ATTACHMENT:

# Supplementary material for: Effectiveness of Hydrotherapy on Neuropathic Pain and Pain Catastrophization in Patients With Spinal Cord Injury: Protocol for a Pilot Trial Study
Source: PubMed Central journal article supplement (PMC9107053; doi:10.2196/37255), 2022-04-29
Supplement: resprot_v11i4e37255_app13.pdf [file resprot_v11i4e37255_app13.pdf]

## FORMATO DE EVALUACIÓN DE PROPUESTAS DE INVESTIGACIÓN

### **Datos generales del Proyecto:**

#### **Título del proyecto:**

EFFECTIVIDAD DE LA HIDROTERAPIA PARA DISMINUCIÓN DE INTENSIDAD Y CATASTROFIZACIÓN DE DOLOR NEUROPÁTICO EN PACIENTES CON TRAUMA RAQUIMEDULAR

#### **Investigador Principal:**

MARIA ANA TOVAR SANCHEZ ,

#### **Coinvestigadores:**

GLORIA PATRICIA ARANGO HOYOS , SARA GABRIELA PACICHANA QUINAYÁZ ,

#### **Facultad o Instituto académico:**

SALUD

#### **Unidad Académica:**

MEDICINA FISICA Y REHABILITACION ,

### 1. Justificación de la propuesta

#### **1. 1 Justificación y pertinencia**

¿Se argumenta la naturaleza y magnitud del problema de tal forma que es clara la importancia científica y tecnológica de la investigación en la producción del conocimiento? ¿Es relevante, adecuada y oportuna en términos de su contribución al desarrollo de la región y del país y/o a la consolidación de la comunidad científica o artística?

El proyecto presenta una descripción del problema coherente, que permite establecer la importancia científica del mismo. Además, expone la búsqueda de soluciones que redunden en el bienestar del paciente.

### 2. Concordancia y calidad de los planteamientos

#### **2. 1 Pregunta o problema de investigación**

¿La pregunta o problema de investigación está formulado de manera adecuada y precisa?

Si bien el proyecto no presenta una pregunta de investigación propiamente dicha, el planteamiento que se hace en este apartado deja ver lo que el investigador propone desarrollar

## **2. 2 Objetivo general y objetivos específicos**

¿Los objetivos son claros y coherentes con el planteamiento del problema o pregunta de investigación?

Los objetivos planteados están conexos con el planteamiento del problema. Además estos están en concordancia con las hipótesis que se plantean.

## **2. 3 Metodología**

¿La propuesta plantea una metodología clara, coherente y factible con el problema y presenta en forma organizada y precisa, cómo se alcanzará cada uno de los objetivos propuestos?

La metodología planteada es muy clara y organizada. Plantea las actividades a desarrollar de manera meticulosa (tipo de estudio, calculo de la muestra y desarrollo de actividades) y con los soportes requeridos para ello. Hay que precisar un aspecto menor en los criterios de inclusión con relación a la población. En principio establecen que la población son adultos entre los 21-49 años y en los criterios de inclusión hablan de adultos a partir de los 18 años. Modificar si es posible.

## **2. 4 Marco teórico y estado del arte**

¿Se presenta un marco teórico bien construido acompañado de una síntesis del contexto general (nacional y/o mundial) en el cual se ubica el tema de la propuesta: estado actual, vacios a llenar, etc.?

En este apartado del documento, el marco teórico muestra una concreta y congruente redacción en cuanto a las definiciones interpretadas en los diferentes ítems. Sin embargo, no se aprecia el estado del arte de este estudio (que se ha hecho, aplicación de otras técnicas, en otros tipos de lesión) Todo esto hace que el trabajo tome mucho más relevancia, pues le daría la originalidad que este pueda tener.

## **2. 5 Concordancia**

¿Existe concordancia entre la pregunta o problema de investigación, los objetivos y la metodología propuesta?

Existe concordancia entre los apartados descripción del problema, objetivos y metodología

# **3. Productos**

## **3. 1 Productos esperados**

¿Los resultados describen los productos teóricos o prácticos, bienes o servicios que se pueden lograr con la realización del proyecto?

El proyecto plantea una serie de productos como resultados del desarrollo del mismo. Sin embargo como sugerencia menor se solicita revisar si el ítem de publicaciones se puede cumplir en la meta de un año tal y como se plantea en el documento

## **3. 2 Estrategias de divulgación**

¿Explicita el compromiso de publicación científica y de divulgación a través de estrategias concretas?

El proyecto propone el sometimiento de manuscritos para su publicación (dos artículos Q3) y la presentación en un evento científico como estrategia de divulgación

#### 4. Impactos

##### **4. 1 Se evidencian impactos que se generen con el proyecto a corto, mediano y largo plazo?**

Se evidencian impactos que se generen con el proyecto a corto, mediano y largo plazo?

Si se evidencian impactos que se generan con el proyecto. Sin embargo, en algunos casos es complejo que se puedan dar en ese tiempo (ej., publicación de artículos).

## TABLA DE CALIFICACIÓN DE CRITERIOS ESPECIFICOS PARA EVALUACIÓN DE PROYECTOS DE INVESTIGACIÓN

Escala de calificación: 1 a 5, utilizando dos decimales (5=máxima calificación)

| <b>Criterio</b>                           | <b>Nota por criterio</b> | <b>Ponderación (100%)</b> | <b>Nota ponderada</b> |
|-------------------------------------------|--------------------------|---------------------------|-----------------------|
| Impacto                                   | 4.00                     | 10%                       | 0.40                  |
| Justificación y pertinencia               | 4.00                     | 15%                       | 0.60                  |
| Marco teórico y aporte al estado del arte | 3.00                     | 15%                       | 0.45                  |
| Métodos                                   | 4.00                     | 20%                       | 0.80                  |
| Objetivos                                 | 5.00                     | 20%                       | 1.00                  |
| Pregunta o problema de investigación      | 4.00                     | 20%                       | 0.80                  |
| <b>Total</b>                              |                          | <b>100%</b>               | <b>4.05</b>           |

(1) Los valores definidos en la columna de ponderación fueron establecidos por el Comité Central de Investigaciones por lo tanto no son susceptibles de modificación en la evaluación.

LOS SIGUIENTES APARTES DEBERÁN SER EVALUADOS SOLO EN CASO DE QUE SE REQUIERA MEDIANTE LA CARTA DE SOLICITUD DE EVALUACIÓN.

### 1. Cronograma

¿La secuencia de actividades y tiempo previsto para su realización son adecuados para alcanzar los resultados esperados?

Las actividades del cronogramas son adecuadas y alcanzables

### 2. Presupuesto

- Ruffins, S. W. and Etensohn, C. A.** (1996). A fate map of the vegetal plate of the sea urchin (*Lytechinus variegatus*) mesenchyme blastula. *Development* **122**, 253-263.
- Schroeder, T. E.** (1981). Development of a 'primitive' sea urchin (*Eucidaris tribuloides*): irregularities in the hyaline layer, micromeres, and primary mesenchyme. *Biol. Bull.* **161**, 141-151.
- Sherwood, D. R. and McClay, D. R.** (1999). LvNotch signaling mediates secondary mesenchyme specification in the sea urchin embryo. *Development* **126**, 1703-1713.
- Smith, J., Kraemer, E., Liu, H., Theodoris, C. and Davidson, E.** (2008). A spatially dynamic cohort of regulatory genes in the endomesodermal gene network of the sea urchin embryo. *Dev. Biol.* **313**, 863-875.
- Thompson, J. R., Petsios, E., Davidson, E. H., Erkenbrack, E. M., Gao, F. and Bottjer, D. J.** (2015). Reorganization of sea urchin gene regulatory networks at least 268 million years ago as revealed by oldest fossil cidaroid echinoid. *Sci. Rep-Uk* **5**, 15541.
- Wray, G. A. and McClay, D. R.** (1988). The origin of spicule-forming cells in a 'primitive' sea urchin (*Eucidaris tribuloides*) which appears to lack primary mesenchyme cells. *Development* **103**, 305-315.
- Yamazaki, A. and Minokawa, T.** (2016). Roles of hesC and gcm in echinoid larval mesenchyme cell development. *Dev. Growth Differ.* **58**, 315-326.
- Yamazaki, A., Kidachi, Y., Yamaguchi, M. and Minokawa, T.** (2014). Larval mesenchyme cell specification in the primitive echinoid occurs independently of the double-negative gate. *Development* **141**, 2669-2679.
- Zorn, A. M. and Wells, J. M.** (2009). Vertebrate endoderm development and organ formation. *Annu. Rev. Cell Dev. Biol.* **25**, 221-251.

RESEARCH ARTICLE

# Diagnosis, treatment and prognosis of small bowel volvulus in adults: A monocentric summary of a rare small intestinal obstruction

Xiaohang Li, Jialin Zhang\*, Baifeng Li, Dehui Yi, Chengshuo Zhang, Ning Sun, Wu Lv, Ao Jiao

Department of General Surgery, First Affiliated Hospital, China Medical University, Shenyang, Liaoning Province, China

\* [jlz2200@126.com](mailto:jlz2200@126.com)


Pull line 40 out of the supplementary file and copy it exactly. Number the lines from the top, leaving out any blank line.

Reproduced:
## **3. 2 Estrategias de divulgación**